If you fit into one of these two groups, you may want to spend most of your EITC/EIC in the first 2 months after you get it. If you have any EITC/EIC saved at the beginning of the 3rd month, it will count as an asset for SNAP benefits. If your total assets go over your asset limit, you may not be able to get SNAP benefits until your assets drop to the asset limit or less again.

Example 1

Jack and Jill get SNAP benefits together on one grant.

Jack and Jill have not broken any food stamps rules.

Jack and Jill are both over 60 and Jill is disabled.Their income is less than $2,428/month so they do not have an "asset limit".

In April, they get an EITC payment of $4,000. Their SNAP benefits will not change. They can save their EITC/EIC as long as they want. They will keep getting SNAP.

Example 2

Beverly is 65 and her income is $1,900 each month. She gets SNAP benefits because her rent is very high. Because Beverly is a senior and her income is above $1,805/month, her assets count for SNAP/Food Stamps. She has an asset limit of $3,000.

Beverly gets an EITC payment of $3,500 in May. The payment does not count in the 1st month (May) or 2nd month (June).

At the beginning of the 3rd month (July), Beverly still has the $3,500 EITC. Beverly’s EITC counts as an asset starting in the third month. The $3,500 EITC Beverly has at the beginning of the 3rd month is more than the $3,000 asset limit, so her Food Stamps/SNAP will stop. She can reapply for Food Stamps/SNAP after her assets drop to $3,000 or less.

5. Will my tax refund (not EITC/EIC) count against my TAFDC?

DTA counts your tax refund that is not EITC/EIC as an “asset.” An asset is savings in the bank or certain property you own. An "asset limit" is the amount of assets you can have before your TAFDC stops. The asset limit for TAFDC is $2,500. If you get a tax refund that is not EITC/EIC and you end up with more than $2,500 counting all your assets, your TAFDC will stop. You can apply again for TAFDC later, after your assets drop to $2,500 or less.

Example 1

Tim and his family get TAFDC. Tim gets a $2,500 tax refund that is not an EITC payment. The $2,500 counts as an asset right away. Tim does not have any other assets (money in the bank or other property). He is not over the $2,500 asset limit, so the tax refund does not change his TAFDC.

Example 2

Lilly and her children get TAFDC. Lilly gets a tax refund that is not EITC money. Lilly’s tax refund is $2,000. Lilly already has $600 in the bank when she gets the refund. Once she gets the refund, she has $2,600. This is more than the $2,500 asset limit for TAFDC, so Lilly’s TAFDC benefits stop. Lilly can apply again for TAFDC later, once her assets drop to $2,500 or less.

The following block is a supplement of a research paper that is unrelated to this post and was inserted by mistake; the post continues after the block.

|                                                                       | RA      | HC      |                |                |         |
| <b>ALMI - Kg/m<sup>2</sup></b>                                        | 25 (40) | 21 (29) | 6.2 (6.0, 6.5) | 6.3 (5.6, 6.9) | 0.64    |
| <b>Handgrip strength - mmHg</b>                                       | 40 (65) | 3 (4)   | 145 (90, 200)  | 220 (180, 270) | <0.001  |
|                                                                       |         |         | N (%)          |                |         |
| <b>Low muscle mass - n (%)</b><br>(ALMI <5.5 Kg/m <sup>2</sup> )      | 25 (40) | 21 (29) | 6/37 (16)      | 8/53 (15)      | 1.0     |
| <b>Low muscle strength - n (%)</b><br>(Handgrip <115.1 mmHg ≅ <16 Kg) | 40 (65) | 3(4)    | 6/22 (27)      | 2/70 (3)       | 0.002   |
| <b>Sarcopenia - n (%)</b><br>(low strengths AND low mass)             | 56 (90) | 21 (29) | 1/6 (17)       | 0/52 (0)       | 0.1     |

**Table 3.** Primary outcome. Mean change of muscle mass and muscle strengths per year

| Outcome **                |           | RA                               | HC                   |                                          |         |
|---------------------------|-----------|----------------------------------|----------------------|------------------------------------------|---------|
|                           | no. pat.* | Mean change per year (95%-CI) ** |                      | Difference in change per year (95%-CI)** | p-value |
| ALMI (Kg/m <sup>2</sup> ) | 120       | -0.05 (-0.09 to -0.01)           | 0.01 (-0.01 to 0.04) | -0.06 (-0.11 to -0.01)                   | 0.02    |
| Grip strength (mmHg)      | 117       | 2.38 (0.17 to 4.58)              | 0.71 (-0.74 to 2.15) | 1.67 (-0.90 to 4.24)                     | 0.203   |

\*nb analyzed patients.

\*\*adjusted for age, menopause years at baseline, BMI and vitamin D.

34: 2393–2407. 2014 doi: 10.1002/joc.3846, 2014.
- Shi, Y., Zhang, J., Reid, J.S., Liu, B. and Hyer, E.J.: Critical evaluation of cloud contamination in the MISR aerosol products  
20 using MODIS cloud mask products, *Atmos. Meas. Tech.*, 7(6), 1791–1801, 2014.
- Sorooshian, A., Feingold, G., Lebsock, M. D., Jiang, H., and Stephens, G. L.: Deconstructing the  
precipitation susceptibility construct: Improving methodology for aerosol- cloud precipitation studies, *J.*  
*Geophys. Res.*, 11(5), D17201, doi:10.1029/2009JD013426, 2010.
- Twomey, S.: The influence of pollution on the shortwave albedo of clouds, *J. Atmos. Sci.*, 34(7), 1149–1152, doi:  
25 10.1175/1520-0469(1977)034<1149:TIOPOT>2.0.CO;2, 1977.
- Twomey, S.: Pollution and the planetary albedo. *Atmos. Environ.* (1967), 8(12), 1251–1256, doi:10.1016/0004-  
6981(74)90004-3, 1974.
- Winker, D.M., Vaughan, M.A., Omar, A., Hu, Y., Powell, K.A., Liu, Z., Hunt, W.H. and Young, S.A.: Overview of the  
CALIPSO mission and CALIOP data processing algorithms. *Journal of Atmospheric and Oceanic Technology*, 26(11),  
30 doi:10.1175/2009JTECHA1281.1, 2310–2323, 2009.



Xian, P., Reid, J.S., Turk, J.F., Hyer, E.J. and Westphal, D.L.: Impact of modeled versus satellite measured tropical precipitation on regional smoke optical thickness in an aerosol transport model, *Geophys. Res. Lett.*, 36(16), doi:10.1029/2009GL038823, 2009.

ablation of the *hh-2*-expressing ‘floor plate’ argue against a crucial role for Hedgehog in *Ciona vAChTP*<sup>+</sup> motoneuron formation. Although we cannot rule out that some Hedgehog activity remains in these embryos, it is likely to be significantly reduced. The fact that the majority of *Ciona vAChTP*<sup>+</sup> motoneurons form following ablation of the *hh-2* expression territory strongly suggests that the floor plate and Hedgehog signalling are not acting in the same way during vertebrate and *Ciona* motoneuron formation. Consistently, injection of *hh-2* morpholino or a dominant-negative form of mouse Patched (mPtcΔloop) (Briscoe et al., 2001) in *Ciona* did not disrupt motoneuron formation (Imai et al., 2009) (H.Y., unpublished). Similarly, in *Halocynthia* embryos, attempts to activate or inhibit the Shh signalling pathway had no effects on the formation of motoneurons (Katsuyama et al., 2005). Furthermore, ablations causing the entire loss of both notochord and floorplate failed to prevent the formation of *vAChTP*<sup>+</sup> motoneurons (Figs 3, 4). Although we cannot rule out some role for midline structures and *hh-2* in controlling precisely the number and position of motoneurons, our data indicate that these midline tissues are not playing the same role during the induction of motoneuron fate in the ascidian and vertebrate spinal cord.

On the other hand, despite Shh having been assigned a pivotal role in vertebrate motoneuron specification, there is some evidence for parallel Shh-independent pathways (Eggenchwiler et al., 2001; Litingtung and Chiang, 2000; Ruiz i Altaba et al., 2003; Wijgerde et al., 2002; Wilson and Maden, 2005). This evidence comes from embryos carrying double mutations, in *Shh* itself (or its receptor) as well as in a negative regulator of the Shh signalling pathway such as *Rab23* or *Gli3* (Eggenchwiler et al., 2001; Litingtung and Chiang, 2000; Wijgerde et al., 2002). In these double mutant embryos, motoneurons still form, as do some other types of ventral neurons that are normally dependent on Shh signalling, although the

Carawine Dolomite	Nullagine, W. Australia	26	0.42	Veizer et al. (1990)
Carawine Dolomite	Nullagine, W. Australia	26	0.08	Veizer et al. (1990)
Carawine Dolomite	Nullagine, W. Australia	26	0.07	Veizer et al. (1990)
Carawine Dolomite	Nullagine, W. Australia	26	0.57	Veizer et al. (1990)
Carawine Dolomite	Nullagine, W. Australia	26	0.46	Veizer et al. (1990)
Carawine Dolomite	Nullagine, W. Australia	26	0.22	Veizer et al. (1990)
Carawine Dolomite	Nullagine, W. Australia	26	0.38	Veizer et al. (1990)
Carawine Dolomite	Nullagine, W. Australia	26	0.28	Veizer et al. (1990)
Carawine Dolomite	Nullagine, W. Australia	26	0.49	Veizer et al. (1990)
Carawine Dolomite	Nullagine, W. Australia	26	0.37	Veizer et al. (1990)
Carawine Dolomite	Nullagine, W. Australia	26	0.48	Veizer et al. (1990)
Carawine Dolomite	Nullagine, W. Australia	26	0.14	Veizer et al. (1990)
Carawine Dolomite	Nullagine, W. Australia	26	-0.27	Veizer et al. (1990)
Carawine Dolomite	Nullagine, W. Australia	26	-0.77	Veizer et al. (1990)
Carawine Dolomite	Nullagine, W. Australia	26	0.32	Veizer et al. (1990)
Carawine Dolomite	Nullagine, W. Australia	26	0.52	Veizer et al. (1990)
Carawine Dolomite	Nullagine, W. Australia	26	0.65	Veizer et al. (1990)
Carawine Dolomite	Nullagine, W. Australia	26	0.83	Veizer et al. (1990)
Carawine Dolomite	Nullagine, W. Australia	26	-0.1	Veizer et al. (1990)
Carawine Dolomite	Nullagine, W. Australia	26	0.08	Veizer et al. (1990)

6. I got a tax refund that is NOT an EITC/EIC payment. Will it affect my Food Stamps/SNAP benefits?

Food Stamps are now called SNAP benefits.

DTA counts your tax refund that is not EITC/EIC money as an “asset.” An asset is savings in the bank or certain property you own. An ‘asset limit’ is the amount of assets you can have before your SNAP benefits stop.

Assets do not matter for most people who get SNAP benefits. Your tax refund probably will not change your SNAP benefits.

You only have to worry about an asset limit for SNAP benefits if you fit into two groups of people:

  1. If someone in your household cannot get SNAP benefits because he or she broke a Food Stamps work rule or a SNAP/Food Stamps or TAFDC reporting rule you have an asset limit of $2,000. You cannot have more than $2,000 in assets (savings and certain property) and still get SNAP benefits.
  2. If you are over 60 or you are disabled, you can get SNAP benefits even if your income is over the limit. But if your income is more than $1,805 for 1 person or $2,428 for two people, you have a $3,000 asset limit. Look at a chart for larger households.

If you fit into one of these two groups and you get a tax refund that is not EITC/EIC money, the tax refund will count as an asset right away. If your assets go above your limit, your SNAP/Food Stamps may stop until your assets drop back below the limit.

Example 1

Julie and her sister Samantha live together and get SNAP on the same grant. They do not fall into either of the two groups that have an asset limit.

Julie gets a $3,000 tax refund and Samantha gets a $2,000 tax refund. The refunds are not EITC payments.

The refunds count as assets right away. But Julie and her sister do not have an asset limit for SNAP. So the refunds do not affect their SNAP benefits.

Example 2

Simon and Jazz get SNAP/Food Stamps, but Simon is off the SNAP/Food Stamp grant for an Intentional Program Violation (IPV). This means that they have an asset limit of $2,000.

Jazz gets a tax refund of $2,200. The refund is not an EITC payment. The refund counts as an asset right away and puts Simon and Jazz over their $2,000 asset limit. Their SNAP/Food Stamps benefits stop. They can start getting SNAP/Food Stamps again when their assets drop back to $2,000 or less.


TAFDC Food Stamps/SNAP
EITC/EIC Spend in first 2 months – no difference Spend in first 2 months – no difference
Tax Refund Counts as an asset Counts as an asset

Produced by Welfare Law Unit, Greater Boston Legal Services and MLRI
Last updated June 2009